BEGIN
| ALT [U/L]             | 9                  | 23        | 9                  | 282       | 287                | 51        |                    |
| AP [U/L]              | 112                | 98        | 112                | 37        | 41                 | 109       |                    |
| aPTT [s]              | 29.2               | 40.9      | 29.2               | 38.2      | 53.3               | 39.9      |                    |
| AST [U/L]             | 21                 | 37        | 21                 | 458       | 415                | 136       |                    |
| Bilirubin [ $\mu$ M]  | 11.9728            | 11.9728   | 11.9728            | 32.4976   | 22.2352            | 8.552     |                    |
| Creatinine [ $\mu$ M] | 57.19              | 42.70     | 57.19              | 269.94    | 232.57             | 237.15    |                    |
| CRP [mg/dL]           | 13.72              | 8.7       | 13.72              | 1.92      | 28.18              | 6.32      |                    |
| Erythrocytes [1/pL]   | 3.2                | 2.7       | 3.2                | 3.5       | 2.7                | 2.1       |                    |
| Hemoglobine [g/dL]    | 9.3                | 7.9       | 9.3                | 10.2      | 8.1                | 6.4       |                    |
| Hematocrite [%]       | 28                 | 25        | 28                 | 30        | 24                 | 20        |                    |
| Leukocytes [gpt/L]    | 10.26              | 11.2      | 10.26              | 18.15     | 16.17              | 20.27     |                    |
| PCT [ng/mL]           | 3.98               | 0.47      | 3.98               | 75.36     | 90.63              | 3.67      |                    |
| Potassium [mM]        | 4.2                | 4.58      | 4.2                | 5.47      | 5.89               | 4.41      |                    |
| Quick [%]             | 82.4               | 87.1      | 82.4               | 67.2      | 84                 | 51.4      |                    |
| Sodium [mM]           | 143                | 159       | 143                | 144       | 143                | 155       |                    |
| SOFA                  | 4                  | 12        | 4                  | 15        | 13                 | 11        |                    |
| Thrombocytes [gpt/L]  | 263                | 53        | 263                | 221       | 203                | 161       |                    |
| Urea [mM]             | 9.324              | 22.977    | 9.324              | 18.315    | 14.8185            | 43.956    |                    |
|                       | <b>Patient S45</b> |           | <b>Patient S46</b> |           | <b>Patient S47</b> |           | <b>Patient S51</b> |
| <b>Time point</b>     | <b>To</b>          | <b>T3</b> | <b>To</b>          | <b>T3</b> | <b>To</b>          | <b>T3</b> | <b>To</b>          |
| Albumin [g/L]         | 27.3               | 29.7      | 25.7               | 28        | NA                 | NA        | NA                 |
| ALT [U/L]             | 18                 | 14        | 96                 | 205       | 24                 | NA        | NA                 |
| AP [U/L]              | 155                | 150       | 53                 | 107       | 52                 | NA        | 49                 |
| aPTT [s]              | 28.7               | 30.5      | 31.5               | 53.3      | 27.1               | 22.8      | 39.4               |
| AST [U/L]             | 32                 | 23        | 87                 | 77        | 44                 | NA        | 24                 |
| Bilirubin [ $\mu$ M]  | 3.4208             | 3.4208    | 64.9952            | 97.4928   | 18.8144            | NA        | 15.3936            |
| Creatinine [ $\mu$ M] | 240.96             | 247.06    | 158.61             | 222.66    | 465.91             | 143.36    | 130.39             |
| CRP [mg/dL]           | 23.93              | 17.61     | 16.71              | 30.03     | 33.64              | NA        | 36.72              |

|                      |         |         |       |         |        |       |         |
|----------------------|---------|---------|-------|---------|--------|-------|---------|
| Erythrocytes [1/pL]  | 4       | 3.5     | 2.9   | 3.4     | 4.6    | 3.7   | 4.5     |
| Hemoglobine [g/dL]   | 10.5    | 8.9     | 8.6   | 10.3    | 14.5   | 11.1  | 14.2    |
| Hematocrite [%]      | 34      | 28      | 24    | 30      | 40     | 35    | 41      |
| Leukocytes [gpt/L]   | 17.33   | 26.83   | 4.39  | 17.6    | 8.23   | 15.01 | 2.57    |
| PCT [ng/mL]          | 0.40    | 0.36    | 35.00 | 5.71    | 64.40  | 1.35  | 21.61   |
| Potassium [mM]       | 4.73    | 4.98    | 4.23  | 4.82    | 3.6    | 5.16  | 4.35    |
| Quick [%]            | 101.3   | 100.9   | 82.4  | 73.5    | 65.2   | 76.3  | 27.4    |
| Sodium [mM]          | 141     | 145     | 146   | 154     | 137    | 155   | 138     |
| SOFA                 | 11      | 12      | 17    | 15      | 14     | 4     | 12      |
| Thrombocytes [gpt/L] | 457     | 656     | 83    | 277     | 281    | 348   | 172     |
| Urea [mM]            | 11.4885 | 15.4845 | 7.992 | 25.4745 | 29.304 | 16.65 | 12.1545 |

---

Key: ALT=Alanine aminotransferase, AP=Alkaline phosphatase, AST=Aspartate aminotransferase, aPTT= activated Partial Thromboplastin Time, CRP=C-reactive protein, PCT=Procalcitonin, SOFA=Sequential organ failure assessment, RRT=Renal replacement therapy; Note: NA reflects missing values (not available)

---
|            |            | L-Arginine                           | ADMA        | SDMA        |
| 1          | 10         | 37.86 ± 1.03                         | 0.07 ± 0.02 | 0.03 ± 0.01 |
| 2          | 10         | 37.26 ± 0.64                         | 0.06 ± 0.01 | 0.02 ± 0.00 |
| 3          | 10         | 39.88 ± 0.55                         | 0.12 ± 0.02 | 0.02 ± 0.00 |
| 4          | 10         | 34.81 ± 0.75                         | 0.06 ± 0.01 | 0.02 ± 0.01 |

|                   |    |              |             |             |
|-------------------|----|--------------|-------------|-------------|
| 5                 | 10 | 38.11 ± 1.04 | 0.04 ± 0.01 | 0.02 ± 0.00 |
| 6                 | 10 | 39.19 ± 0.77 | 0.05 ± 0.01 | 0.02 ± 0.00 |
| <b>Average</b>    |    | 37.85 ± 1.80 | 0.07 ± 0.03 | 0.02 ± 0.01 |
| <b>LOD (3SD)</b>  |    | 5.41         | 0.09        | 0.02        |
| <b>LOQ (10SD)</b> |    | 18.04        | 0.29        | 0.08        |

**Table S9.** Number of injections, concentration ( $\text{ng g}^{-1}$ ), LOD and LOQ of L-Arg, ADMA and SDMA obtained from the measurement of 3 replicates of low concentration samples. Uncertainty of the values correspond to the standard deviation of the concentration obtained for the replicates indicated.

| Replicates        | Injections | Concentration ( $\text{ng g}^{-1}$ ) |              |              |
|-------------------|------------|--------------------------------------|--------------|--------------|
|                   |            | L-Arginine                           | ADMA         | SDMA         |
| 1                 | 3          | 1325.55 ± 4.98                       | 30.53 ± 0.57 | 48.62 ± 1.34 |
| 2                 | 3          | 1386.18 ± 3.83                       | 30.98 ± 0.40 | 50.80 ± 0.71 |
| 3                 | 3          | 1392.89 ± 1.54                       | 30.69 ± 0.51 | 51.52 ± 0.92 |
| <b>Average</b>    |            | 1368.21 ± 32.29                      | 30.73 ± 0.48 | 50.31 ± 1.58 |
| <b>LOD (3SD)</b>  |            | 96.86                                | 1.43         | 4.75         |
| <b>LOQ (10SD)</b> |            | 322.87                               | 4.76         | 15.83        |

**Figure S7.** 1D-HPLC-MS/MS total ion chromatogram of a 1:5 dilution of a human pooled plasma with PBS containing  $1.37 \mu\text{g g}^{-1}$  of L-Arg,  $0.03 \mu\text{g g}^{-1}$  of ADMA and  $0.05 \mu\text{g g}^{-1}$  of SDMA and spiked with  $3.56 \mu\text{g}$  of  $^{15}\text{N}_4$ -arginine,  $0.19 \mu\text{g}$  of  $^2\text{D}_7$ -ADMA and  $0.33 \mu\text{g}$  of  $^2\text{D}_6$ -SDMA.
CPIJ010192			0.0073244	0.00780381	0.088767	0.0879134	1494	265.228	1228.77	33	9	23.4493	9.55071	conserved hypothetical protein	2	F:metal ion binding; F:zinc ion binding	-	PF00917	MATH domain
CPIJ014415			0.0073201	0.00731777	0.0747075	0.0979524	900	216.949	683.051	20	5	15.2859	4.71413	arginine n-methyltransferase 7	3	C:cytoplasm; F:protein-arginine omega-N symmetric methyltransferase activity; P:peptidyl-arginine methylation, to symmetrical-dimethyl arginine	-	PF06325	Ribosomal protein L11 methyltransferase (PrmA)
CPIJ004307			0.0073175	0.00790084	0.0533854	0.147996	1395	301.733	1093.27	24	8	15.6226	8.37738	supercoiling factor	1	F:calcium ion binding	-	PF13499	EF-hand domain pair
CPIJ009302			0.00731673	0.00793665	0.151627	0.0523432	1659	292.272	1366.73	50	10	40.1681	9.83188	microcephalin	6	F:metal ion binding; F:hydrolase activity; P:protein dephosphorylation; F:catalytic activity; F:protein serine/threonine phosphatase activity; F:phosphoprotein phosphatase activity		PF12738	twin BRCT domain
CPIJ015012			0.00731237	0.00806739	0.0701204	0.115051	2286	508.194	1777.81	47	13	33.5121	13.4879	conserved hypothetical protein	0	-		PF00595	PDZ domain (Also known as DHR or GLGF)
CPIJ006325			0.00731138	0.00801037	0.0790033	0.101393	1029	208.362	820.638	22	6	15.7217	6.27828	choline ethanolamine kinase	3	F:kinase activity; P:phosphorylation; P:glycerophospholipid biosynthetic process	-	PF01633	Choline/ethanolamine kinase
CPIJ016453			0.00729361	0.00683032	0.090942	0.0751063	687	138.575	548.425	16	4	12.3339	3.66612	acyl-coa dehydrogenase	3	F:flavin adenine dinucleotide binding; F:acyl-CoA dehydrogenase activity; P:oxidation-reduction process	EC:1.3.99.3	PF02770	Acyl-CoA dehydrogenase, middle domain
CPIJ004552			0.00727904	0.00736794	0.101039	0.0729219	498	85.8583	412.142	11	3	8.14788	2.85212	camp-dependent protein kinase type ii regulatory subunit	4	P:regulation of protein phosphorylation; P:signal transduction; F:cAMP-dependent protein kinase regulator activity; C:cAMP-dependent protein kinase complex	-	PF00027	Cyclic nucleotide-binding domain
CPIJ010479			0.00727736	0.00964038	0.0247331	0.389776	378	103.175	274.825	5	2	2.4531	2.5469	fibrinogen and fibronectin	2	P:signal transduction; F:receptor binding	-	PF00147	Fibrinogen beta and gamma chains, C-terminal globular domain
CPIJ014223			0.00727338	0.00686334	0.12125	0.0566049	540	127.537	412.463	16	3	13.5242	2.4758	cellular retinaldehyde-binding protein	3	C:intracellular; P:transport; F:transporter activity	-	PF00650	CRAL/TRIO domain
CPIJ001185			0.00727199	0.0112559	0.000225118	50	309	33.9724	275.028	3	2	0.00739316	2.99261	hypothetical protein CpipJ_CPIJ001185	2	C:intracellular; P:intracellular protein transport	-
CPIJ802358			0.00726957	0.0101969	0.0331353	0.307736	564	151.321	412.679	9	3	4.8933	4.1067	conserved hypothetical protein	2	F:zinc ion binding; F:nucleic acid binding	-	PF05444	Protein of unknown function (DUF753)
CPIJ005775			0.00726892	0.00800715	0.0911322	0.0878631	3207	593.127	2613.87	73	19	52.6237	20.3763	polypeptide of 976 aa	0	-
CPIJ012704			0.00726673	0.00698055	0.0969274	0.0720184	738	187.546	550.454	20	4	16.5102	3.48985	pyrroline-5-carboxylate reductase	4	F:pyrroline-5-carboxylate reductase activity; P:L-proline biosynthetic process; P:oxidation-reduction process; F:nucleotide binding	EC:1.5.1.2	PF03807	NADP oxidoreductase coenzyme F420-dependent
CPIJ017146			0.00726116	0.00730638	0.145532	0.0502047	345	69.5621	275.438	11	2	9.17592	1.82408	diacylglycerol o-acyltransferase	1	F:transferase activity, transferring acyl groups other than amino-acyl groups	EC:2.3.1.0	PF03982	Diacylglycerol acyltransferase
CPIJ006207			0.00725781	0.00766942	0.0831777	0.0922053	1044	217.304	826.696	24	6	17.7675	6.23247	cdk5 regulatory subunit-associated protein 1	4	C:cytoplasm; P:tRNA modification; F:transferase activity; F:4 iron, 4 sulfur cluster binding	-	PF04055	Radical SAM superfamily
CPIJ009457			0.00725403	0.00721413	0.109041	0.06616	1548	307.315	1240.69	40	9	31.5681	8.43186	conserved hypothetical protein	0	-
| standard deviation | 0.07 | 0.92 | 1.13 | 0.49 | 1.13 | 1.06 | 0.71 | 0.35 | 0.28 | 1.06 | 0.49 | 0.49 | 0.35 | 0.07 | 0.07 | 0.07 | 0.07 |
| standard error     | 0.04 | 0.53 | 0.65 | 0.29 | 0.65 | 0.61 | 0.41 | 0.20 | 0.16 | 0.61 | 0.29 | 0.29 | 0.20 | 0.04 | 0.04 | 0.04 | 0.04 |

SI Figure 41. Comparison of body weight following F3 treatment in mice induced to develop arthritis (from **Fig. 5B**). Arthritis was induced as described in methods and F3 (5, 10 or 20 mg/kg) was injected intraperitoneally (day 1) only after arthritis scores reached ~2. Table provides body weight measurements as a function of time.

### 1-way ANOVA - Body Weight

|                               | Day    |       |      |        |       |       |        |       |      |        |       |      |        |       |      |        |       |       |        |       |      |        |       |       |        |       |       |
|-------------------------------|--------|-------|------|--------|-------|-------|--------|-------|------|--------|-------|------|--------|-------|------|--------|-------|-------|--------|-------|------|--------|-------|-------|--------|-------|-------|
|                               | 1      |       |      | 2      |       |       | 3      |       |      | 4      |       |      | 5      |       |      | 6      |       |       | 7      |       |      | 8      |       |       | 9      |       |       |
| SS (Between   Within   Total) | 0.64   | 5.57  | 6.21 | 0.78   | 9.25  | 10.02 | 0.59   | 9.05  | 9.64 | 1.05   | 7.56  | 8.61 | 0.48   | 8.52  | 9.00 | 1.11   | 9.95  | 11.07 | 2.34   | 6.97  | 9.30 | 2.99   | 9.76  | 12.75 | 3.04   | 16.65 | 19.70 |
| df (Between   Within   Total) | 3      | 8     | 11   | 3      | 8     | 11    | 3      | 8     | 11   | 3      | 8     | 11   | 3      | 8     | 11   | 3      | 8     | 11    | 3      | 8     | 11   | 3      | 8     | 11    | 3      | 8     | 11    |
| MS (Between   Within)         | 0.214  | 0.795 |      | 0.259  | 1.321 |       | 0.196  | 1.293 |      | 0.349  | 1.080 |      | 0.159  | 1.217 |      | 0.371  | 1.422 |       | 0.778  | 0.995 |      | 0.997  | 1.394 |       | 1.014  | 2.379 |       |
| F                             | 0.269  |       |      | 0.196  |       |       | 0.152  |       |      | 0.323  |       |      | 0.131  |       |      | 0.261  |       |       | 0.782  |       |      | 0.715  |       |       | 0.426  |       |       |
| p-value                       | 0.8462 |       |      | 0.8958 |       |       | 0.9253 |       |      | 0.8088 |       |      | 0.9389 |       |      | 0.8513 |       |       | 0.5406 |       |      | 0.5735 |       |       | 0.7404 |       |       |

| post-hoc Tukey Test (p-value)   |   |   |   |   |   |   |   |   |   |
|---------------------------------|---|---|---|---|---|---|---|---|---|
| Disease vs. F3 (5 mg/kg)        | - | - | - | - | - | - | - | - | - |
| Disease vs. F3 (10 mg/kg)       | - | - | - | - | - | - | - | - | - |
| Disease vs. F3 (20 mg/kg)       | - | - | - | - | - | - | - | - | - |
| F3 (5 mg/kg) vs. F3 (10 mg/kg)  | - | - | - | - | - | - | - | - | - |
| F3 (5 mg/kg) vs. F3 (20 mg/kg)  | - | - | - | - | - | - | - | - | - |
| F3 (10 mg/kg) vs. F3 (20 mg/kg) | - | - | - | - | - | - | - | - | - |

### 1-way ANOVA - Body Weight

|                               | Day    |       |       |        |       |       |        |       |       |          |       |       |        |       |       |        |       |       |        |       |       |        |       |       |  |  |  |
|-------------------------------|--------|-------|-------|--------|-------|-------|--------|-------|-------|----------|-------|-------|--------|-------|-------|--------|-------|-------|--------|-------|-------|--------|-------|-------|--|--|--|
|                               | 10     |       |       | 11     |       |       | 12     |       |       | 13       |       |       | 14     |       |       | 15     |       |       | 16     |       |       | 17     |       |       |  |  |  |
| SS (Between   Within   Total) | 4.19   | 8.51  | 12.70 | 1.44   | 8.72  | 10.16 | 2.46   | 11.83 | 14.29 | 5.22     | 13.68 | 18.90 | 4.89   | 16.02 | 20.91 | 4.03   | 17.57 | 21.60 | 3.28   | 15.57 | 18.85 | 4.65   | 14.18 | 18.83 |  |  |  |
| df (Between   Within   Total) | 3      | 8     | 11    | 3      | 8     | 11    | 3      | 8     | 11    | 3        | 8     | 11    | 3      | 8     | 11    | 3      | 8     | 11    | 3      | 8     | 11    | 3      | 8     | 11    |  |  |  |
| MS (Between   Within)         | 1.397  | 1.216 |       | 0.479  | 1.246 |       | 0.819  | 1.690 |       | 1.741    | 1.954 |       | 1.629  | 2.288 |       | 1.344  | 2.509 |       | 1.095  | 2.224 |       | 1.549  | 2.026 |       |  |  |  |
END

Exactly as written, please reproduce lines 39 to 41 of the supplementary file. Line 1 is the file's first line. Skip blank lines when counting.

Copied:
| SOFA                 | 11      | 12      | 17    | 15      | 14     | 4     | 12      |
| Thrombocytes [gpt/L] | 457     | 656     | 83    | 277     | 281    | 348   | 172     |
| Urea [mM]            | 11.4885 | 15.4845 | 7.992 | 25.4745 | 29.304 | 16.65 | 12.1545 |